Edward Burtynsky: Oil
September 23 - January 14, 2017
Edward Burtynsky: Oil, an exhibition of large-scale color landscape photographs by internationally renowned photographer Edward Burtynsky, examines one of the most important subjects of our time: the reliance on oil.
From 1997 to 2009, Burtynsky chronicled the production, distribution, and use of oil, revealing the rarely-seen mechanics of its manufacture and the altered landscapes formed by its extraction. He organizes his work thematically, passing from oil fields to massive refineries, highway interchanges, gatherings of motor culture aficionados, and the debris that oil leaves in its wake: car scrapyards, mammoth ship breaking operations, and fields of decrepit equipment. Burtynsky also visited the car-dependent suburban housing developments of Las Vegas; his images of the city provoke questions about the types of communities people choose to build, and human dependence on natural resources to meet the demands of our suburban infrastructure.
All of the photographs in Edward Burtynsky: Oil are drawn from the Nevada Museum of Art, Carol Franc Buck Altered Landscape Photography Collection.
Showing the Need for Connection
Today, in our media-drenched life of Facebook, Twitter, text messaging, emails, etc., the need for the human connection is of dire importance. The installation currently set up in the Barrick Museum’s Teaching Gallery encourages museum visitors to find and explore parallels and points of connection not only between art objects but also to reflect on the time periods from which these items were produced.
The exhibition is curated by Lucky DeBellevue (Spring 2016 UNLV Artist in Residence), Audrey Barcio (UNLV MFA ’16), and Robert Tracy (UNLV Associate Professor of Art History).
In Transition: Female Figurines from the Braunstein Collection
As one of the most commonly found objects from the pre-Hispanic era, figurines bring us closer to understanding the cultures of Mesoamerica, South America, and Central America. The small-scale of these objects triggers memory and personal engagement. Figurines are uniquely suited to embody personal powers, histories, accomplishments, and losses, and represent the people that created them. These figurines reveal details of daily life that are impossible to reconstruct through other media, thus providing a glimpse into the lives and cultures of these ancient peoples. This exhibition focuses on the female figurine — specifically those forms depicting women transitioning from maiden to motherhood.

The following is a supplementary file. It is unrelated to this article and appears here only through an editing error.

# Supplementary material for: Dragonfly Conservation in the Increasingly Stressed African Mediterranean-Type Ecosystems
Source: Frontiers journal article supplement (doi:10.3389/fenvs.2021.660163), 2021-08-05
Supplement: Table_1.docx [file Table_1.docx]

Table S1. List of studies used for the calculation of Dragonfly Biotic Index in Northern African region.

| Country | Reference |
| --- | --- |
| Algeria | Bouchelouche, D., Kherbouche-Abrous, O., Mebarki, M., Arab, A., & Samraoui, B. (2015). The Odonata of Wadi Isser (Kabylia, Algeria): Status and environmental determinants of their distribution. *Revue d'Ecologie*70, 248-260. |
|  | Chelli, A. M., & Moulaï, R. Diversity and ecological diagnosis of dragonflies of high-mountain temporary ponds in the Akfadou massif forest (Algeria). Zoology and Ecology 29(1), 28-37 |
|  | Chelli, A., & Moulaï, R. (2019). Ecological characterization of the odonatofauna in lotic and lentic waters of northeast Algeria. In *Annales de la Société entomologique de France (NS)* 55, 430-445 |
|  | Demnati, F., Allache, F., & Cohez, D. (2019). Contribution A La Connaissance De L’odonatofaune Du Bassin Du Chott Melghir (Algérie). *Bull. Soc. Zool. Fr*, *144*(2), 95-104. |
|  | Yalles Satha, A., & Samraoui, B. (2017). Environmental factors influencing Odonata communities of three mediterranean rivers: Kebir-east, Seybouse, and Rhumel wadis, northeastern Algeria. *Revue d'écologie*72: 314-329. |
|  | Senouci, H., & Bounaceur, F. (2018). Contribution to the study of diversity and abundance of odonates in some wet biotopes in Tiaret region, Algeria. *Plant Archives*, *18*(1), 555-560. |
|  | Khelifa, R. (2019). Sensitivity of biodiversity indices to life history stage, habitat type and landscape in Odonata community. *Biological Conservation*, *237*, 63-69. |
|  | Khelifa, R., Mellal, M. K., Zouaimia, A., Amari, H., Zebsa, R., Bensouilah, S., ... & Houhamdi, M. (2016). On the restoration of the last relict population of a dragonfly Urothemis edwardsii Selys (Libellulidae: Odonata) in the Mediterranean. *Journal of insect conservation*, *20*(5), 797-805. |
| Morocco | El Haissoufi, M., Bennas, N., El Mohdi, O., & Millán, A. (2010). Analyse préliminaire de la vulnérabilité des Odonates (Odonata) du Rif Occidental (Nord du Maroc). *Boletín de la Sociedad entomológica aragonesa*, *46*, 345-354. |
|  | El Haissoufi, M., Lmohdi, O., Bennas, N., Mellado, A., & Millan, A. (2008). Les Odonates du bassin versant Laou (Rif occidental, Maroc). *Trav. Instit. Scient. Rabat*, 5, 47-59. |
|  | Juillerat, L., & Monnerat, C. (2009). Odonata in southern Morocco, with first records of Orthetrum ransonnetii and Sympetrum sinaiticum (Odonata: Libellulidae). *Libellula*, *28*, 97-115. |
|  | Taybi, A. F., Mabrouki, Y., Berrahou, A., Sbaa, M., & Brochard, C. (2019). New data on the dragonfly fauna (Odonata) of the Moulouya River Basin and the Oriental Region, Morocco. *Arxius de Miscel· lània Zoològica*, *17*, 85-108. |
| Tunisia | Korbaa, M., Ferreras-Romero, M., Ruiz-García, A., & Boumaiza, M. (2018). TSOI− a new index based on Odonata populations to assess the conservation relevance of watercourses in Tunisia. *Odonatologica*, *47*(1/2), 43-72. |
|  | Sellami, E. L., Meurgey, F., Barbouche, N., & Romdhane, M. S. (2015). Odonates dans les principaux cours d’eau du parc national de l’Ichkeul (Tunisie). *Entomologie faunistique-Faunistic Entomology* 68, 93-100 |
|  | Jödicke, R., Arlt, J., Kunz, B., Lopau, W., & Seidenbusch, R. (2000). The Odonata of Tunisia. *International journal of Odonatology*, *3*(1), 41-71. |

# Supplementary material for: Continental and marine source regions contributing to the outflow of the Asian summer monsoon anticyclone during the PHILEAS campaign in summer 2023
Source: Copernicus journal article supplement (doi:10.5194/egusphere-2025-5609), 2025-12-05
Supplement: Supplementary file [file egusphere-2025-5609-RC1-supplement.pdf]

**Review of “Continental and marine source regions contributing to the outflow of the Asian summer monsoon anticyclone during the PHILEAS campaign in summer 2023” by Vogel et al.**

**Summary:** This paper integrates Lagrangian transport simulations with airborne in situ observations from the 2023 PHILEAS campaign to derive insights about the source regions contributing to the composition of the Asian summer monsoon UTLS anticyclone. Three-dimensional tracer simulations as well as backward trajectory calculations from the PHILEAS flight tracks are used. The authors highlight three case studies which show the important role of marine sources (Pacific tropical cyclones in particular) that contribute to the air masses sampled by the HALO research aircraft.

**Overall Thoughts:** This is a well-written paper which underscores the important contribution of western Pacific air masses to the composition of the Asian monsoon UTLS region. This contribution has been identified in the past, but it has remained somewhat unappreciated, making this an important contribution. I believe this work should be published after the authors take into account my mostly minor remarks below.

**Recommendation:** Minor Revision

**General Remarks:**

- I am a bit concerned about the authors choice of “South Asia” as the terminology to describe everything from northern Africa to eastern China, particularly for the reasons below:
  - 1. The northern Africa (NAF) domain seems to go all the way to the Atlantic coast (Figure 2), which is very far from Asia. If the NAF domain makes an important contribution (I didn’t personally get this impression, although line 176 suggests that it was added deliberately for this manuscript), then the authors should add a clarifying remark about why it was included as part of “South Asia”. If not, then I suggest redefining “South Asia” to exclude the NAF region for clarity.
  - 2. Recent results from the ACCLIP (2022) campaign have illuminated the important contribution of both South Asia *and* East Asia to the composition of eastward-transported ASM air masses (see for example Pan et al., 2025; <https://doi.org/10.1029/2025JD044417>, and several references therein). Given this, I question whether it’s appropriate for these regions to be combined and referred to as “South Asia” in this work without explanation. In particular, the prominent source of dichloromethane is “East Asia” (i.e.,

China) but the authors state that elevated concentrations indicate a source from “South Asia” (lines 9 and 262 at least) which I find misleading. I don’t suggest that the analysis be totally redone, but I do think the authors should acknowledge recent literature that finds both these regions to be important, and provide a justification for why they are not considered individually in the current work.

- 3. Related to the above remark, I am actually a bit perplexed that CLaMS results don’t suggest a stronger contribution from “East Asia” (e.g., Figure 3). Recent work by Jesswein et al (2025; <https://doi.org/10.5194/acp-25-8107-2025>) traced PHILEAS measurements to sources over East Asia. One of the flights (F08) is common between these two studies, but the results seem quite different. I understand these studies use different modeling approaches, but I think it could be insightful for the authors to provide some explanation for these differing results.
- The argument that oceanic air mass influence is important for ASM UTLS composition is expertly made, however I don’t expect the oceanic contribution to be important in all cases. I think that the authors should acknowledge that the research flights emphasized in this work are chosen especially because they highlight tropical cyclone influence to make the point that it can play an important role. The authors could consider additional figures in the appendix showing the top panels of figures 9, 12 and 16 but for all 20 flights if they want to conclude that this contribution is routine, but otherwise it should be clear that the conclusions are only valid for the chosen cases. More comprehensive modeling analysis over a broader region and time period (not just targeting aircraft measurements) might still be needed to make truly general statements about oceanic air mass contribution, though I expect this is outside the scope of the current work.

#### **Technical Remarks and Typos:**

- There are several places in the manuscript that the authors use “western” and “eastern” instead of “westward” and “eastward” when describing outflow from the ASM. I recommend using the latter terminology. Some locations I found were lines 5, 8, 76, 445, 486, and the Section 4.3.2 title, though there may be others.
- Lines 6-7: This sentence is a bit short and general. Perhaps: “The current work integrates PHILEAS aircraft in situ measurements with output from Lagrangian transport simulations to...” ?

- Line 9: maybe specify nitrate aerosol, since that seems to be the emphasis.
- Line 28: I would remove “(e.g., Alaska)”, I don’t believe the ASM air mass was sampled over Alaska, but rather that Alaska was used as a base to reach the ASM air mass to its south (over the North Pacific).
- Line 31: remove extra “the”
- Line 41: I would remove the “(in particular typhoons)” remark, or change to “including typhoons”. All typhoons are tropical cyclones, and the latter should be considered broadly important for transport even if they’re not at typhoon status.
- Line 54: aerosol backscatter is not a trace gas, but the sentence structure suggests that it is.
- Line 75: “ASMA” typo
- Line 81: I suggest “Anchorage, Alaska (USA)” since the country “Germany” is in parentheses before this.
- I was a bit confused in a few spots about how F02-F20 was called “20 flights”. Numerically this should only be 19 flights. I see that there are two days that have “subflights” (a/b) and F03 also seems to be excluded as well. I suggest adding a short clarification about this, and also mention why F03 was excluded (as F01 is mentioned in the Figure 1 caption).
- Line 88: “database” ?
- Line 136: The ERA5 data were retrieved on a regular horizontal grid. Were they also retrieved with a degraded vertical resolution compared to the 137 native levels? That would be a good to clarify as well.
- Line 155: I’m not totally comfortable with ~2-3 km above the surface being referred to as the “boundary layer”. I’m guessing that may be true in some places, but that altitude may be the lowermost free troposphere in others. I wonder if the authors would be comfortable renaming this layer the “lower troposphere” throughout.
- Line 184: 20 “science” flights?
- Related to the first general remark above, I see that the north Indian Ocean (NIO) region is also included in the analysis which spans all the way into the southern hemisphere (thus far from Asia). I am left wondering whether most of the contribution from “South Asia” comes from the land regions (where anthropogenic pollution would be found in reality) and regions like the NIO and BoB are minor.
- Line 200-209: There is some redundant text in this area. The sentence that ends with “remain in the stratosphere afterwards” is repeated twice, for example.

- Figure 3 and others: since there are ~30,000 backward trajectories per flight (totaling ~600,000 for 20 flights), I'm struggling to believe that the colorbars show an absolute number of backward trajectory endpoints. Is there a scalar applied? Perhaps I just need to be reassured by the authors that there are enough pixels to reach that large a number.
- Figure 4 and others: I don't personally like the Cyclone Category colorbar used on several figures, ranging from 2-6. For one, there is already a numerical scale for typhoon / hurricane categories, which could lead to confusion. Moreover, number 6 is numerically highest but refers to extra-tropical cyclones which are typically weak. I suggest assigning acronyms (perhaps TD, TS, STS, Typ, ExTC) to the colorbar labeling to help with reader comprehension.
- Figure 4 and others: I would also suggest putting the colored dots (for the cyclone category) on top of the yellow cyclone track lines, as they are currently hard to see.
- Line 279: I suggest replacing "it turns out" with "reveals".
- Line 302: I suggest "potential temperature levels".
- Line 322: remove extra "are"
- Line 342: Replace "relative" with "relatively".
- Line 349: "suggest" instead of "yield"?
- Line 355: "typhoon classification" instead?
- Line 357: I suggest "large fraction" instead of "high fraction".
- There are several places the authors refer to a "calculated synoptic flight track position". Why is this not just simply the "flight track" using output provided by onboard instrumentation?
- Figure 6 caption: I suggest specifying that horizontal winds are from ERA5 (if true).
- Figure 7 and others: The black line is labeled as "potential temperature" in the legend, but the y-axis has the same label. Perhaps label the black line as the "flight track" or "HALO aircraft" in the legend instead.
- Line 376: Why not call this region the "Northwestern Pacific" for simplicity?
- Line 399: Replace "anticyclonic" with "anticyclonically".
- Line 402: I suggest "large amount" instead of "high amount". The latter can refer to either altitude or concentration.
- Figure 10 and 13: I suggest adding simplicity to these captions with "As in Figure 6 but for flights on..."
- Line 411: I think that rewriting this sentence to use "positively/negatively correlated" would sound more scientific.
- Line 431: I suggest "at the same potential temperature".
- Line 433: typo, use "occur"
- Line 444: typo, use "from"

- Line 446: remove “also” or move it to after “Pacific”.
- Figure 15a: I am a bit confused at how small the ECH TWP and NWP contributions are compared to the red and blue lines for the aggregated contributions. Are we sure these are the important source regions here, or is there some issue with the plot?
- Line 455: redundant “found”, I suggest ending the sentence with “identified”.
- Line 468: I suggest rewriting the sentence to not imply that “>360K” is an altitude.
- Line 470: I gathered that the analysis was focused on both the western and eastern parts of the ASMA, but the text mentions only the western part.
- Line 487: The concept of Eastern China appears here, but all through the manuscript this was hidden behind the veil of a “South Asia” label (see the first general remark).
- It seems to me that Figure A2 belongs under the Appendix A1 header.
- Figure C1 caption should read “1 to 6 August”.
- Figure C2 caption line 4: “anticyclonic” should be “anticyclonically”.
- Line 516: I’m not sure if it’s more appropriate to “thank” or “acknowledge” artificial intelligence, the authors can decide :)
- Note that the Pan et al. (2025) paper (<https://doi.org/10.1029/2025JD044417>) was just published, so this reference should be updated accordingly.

Process, curated by Matthew Gardocki
January 27 – May 13, 2017
Featuring work by: John Bauer, Christopher Duncan, Kara Joslyn, Lester Monzon, Julie Oppermann, Kim Rugg, Christopher Russell, Heidi Schwegler, Meghan Smythe, and Ryan Wallace, Process is a showcase of ten contemporary American artists who are reshaping the Process Art tradition into a profound expression of twenty-first century studio practice. Visitors can expect to encounter a fresh and perhaps unfamiliar field of art-making in which process is celebrated and the finished object is not always the principle focus.
Abandon All Hope, Ye Who Enter Here, curated by Lee Cannarozzo
January 27 – May 13, 2017
Abandon All Hope, Ye Who Enter Here is an exhibition of two complete editions of Salvador Dali illustrated artist books: The Divine Comedy written by Dante Alighieri and The Decameron written by Giovanni Boccaccio. These books, completed in 1960 and 1972 respectively, together contain 110 prints authorized by the artist. A part of the Las Vegas Art Museum collection currently housed in the UNLV Marjorie Barrick Museum of Art, this exhibition presents these illustrated texts in a dynamic manner. Contained within four display cases, the pages of these books will be turned every Tuesday and Friday throughout the course of the exhibition to reveal a new set of illustrations to the public. This constantly evolving exhibition is an invitation for students, scholars, and faculty to view these surreal works of art and to participate in a conversation about the cultural resonance of Medieval Italian texts.
Masking, curated by Karen Roop
January 27 – May 13, 2017
This exhibition combines traditional Mexican masks with contemporary artwork to blur the lines between art and artifice, self and other, being and nonbeing. Far from static artifacts, masks point to shifting meanings and challenge us to question notions of identity. Karen Roop's enthusiasm for new ways of diversifying UNLV’s English curriculum has led to years of fruitful collaboration with the Marjorie Barrick Museum, where students have learned to assimilate the visual arts into their critical vocabularies. Roop will integrate Masking, her first curation, into ENG 101 classes during the Fall semester.
Josh Azzarella Screenings
January 28 – May 13, 2017
The UNLV Marjorie Barrick Museum of Art is pleased to present a semester-long video screening series featuring works by Josh Azzarella. Josh Azzarella creates videos and photographs that explore the power of context in the authorship of memory, oftentimes utilizing seminal moments in pop culture and news media to create accessible confrontations with historiography. By illuminating the individual encounter with communal experiences, Azzarella evaluates the perception of realness – which can ultimately be rooted in both the fantastic as much as the pragmatic.
Screenings occur every Thursday (4-7pm) and Saturday (1pm and 3pm), and by appointment in the Barrick Museum Auditorium. The 16 week series is divided into four programs detailed below.